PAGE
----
• Saquinavir. Esomeprazole magnesium may increase the levels of saquinavir in your body. This may cause more side effects from saquinavir. These may include fatigue, confusion, stomach and back pain, nausea, vomiting, and liver damage. Your doctor may watch you more closely and decrease your dosage of saquinavir if needed.
    • Tacrolimus. Esomeprazole magnesium can increase the levels of tacrolimus in your body. This may cause high blood pressure and kidney damage. Your doctor may check your tacrolimus levels and adjust your dosage if needed.
  • Side effects from esomeprazole magnesium: Taking esomeprazole magnesium with certain medications raises your risk of side effects from esomeprazole. This is because the amount of esomeprazole in your body is increased. Examples of these drugs include:
    • Voriconazole. Voriconazole can double the levels of esomeprazole magnesium in your body. Your doctor may decrease your dose of esomeprazole. They may be more likely to lower your dosage if you have Zollinger-Ellison’s syndrome and take a high dosage.
    • Clarithromycin

Interactions that can make your drugs less effective

  • When other drugs are less effective: When certain drugs are used with esomeprazole magnesium, they may not work as well. This is because the amount of these drugs in your body may be decreased. Examples of these drugs include:
    • Certain antiretrovirals, such as atazanavir and nelfinavir. Esomeprazole magnesium may keep you from absorbing these drugs well. This means that they won’t work to treat your virus. You shouldn’t take esomeprazole with these drugs.
    • Mycophenolate mofetil. Esomeprazole magnesium may change the balance of your stomach acid. This may decrease how well you absorb mycophenolate mofetil. It isn’t known how this will affect your transplant. Ask your doctor whether it’s safe for you to use these drugs together.
  • When esomeprazole magnesium is less effective: When esomeprazole magnesium is used with certain drugs, it may not work as well to treat your condition. This is because the amount of esomeprazole in your body may be decreased. Examples of these drugs include:
    • St. John’s wort. You shouldn’t use these drugs together.
    • Rifampin. You shouldn’t use these drugs together.

Disclaimer: Our goal is to provide you with the most relevant and current information. However, because drugs interact differently in each person, we can not guarantee that this information includes all possible interactions. This information is not a substitute for medical advice. Always speak with your healthcare provider about possible interactions with all prescription drugs, vitamins, herbs and supplements, and over-the-counter drugs that you are taking.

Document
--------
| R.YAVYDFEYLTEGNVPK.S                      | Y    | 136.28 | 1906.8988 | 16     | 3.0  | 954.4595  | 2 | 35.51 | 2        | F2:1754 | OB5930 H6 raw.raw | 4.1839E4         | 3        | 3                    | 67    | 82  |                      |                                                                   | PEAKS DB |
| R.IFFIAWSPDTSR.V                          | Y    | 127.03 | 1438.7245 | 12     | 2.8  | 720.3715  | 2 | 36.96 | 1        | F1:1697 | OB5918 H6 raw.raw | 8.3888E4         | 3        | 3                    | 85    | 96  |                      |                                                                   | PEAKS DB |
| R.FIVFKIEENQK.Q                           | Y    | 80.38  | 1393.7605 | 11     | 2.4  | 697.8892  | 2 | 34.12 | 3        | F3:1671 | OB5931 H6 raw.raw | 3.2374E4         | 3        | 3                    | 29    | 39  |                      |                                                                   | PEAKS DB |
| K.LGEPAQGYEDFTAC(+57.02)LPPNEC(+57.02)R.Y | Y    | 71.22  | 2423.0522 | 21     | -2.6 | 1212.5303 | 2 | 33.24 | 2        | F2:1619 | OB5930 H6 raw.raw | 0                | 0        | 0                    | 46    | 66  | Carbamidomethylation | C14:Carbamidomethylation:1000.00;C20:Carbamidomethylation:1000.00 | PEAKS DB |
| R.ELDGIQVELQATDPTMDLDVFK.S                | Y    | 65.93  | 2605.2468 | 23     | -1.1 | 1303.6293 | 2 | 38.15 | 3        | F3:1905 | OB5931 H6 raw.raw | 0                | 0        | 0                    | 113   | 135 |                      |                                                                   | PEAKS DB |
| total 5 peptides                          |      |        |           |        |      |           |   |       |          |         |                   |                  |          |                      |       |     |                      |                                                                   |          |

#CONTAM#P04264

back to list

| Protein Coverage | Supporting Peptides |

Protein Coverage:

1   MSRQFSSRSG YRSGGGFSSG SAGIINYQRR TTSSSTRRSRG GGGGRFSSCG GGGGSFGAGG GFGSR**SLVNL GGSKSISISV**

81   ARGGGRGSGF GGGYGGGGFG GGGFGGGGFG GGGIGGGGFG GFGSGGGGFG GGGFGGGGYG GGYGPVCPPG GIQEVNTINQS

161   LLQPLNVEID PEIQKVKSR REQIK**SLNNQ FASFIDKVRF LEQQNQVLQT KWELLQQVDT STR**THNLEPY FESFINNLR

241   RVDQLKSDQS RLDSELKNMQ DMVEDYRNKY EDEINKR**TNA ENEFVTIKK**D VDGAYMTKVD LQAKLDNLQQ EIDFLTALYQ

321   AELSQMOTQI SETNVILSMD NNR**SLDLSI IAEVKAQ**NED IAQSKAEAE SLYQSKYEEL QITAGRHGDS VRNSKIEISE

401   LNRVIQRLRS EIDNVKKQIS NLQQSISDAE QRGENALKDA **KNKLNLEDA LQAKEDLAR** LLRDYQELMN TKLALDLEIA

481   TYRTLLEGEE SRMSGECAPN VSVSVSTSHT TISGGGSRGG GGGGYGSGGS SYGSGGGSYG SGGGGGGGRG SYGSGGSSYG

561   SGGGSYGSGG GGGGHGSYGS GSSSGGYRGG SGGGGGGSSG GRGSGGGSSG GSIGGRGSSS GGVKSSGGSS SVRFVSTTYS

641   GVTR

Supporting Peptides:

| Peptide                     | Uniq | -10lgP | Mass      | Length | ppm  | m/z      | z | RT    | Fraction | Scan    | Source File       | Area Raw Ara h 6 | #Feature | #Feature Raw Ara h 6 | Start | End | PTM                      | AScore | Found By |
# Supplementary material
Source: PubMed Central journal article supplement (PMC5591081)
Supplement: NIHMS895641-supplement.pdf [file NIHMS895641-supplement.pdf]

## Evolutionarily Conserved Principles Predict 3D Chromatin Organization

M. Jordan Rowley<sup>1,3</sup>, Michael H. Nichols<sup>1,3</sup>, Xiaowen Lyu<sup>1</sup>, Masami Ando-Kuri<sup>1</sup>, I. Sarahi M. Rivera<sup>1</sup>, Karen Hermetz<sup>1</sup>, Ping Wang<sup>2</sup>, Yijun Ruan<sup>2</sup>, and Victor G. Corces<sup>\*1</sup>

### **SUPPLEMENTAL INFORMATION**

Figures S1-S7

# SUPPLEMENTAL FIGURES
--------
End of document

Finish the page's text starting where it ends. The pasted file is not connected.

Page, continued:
Esomeprazole warnings

This drug comes with several warnings.

Allergy warning

Esomeprazole magnesium can cause a severe allergic reaction. Symptoms can include:

  • trouble breathing or swallowing
  • shortness of breath
  • swelling of your face, throat, or tongue
  • itching
  • kidney damage, with symptoms such as:
    • decreased urination
    • flank pain (pain in your side and back)
  • chest tightness
  • paleness or reddening of your face and body
  • panic attack or feeling of impending doom

If you develop these symptoms, call 911 or go to the nearest emergency room.

Don’t take this drug again if you’ve ever had an allergic reaction to it. Taking it again could be fatal (cause death).

Food interactions warning

Taking this drug with food can decrease the amount of esomeprazole magnesium in your body. You should take this drug at least one hour before meals.

Warnings for people with certain health conditions

For people with severe liver problems: This drug is processed by your liver. If you have severe liver disease, your body may not be able to process this drug as well. This could cause the drug to build up in your body and cause more side effects.

For people with low magnesium blood levels: Taking this drug for 3 months or longer can decrease magnesium levels in your blood. This can further decrease your low magnesium levels. Your doctor may give you magnesium supplements and monitor your magnesium levels.

For people with a vitamin B-12 deficiency: Taking this drug for 2–3 years can decrease vitamin B-12 levels in your blood. This can further decrease your low vitamin B-12 levels. Your doctor may give you vitamin B-12 injections and monitor your vitamin B-12 levels.

For people with osteoporosis: Using this drug every day for a long time can increase your risk of hip, wrist, or spine fractures.

For people with plans to have neuroendocrine tumor test: This drug can change the balance of your stomach acid. This may cause a test for neuroendocrine tumors to be positive when there isn’t a tumor.

Warnings for other groups

For pregnant women: Esomeprazole magnesium is a category C pregnancy drug. That means two things: